Up next, the show from April 23rd, which took note of the birthdays of Lionel Hampton, Shirley Temple, and one of the show's Patron Saints and Goddess of Song, Ella Fitzgerald. It was also the start of Passover. In all of the surviving radio shows which are generally available, there are only a couple which even mention it. Those two mentions were from "The Eternal Light", a drama series. I assume that shows like "The Goldbergs" had Passover themes, but those shows are not among the survivors. So, for friends who celebrate the holiday, I included a segment I made last year which edited together scraps found of a NYC Yiddish radio station. Included in that segment, the Barry Sisters sing "Yiddle Mitn Fidl" in both Yiddish and English.

Just as a by the by kind of thing, "Yiddle With His Fiddle" was the most successful Yiddish musical ever filmed. (I think the actual citation is that it is the most successful movie in Yiddish.) It starred Molly Picon, a wonderful entertainer now largely forgotten. I screened a 16mm print of it when I lived in NYC, but don't remember much of it. I can't find a reference to this anywhere, but I'm fairly certain it was a stage show long before it was a movie. I have a memory of discovering that a theatre on Second Avenue (or was it on Third?) on the Lower East Side whose existence was endangered had been where the show played, with Molly Picon as the star.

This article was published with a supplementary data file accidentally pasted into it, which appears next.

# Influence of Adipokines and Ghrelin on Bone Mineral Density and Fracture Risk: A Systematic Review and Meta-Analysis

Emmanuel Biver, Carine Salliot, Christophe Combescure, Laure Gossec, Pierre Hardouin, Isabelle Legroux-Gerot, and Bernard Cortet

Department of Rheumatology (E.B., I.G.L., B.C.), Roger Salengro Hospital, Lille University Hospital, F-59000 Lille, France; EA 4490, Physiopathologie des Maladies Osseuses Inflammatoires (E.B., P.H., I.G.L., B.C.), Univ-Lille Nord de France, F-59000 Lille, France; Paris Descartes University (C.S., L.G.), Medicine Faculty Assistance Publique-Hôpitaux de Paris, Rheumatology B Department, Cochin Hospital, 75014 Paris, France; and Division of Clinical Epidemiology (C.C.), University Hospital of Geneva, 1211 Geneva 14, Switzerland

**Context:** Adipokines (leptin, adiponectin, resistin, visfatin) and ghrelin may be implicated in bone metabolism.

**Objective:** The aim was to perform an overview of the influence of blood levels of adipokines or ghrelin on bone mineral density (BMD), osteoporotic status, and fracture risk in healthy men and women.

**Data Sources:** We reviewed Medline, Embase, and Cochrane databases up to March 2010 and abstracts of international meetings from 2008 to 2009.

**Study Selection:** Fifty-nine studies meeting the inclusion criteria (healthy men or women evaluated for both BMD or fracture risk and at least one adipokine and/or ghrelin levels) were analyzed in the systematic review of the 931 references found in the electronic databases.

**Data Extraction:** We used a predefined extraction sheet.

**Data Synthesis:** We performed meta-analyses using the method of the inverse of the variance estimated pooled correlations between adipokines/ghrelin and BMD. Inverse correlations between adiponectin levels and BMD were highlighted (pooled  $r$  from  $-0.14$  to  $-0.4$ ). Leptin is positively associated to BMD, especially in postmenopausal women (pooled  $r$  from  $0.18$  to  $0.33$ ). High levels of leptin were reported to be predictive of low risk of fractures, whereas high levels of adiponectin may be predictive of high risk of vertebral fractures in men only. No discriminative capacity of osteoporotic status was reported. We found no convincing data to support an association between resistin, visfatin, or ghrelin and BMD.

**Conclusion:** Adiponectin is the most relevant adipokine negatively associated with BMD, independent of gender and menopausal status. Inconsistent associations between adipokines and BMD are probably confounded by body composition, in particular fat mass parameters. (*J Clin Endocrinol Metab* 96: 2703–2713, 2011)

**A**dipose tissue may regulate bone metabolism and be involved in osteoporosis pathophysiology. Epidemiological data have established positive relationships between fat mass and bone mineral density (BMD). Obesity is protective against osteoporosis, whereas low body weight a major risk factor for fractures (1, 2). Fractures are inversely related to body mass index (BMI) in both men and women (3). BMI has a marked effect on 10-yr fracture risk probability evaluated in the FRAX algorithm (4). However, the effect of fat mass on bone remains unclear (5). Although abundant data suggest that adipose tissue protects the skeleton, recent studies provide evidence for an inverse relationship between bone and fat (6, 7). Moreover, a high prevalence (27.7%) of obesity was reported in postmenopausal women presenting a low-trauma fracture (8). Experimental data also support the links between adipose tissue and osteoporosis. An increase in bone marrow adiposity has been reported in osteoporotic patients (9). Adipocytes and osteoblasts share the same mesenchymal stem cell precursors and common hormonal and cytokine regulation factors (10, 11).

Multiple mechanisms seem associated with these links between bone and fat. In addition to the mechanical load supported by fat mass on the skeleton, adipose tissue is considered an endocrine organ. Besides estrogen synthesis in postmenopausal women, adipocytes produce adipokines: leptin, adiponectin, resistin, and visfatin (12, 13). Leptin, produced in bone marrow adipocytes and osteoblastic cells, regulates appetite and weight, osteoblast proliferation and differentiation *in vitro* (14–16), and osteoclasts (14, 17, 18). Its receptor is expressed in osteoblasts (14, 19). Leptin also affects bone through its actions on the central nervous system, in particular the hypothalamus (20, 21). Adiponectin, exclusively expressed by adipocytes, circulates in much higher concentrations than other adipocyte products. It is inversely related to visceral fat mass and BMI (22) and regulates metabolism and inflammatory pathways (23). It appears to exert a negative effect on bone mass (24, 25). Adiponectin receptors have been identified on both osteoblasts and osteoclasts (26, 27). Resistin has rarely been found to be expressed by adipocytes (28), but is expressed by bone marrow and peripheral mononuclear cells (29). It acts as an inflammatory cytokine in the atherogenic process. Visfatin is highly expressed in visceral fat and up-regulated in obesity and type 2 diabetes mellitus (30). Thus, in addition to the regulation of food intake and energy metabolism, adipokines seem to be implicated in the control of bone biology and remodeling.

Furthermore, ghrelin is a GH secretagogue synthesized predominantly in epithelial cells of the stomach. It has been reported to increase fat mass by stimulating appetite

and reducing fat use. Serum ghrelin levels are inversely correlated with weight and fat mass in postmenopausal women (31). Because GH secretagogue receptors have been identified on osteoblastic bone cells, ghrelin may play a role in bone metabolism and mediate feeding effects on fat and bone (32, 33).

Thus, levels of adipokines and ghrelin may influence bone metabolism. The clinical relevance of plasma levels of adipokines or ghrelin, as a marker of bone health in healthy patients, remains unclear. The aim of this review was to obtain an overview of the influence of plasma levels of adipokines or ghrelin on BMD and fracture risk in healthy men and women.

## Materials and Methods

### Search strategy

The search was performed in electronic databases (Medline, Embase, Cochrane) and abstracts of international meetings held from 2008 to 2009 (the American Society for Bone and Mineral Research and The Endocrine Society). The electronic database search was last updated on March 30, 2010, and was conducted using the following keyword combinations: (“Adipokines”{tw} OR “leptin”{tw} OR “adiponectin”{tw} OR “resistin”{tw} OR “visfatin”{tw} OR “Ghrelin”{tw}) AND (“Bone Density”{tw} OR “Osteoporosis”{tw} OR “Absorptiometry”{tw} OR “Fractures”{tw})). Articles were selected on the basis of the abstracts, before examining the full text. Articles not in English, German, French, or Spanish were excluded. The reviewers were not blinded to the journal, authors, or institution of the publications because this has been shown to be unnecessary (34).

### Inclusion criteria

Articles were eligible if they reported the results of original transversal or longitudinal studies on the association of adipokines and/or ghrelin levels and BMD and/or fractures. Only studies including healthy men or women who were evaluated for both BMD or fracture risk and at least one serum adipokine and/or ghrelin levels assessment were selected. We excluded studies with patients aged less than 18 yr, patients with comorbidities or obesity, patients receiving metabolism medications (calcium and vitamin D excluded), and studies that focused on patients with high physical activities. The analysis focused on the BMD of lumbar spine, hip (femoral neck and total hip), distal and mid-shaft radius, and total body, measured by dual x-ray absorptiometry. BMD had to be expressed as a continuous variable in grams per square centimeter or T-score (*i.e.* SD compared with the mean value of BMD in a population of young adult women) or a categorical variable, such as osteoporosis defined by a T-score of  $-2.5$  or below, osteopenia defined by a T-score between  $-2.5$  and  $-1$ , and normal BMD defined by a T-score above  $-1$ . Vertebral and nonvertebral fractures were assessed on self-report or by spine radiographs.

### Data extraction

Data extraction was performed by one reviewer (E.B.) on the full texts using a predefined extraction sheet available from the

And that brings us to the most recent show, which "played a few" for the birthdays of Blossom Dearie, Duke Ellington, Kate Smith, Lorenz (Larry) Hart, and Bing Crosby. There were also segments for Walpurgisnacht and May Day. Whew! Too much to do, not enough time. Many years ago, I did a show called "Bing and..." which was only Bing Crosby and various other performers in duets and etc. It was, I think, the most fun I ever had in the 'doing' of one of my shows. Maybe this Saturday I'll do more for Bing. And Kate Smith only got one song. Few now remember  that she was a jazz baby singing "hot" songs.

Well, now that the posting of the radio shows has been caught up, I can go writhe in pain until it's time to catch the bus. I shall try to get back later (today, tomorrow, or whenever) to record impressions of the movies I've watched, as well as the garden and this year's attempts at Spring.

Sunday, April 10, 2016

Yes, memory is now like that comback you thought of a half an hour too late.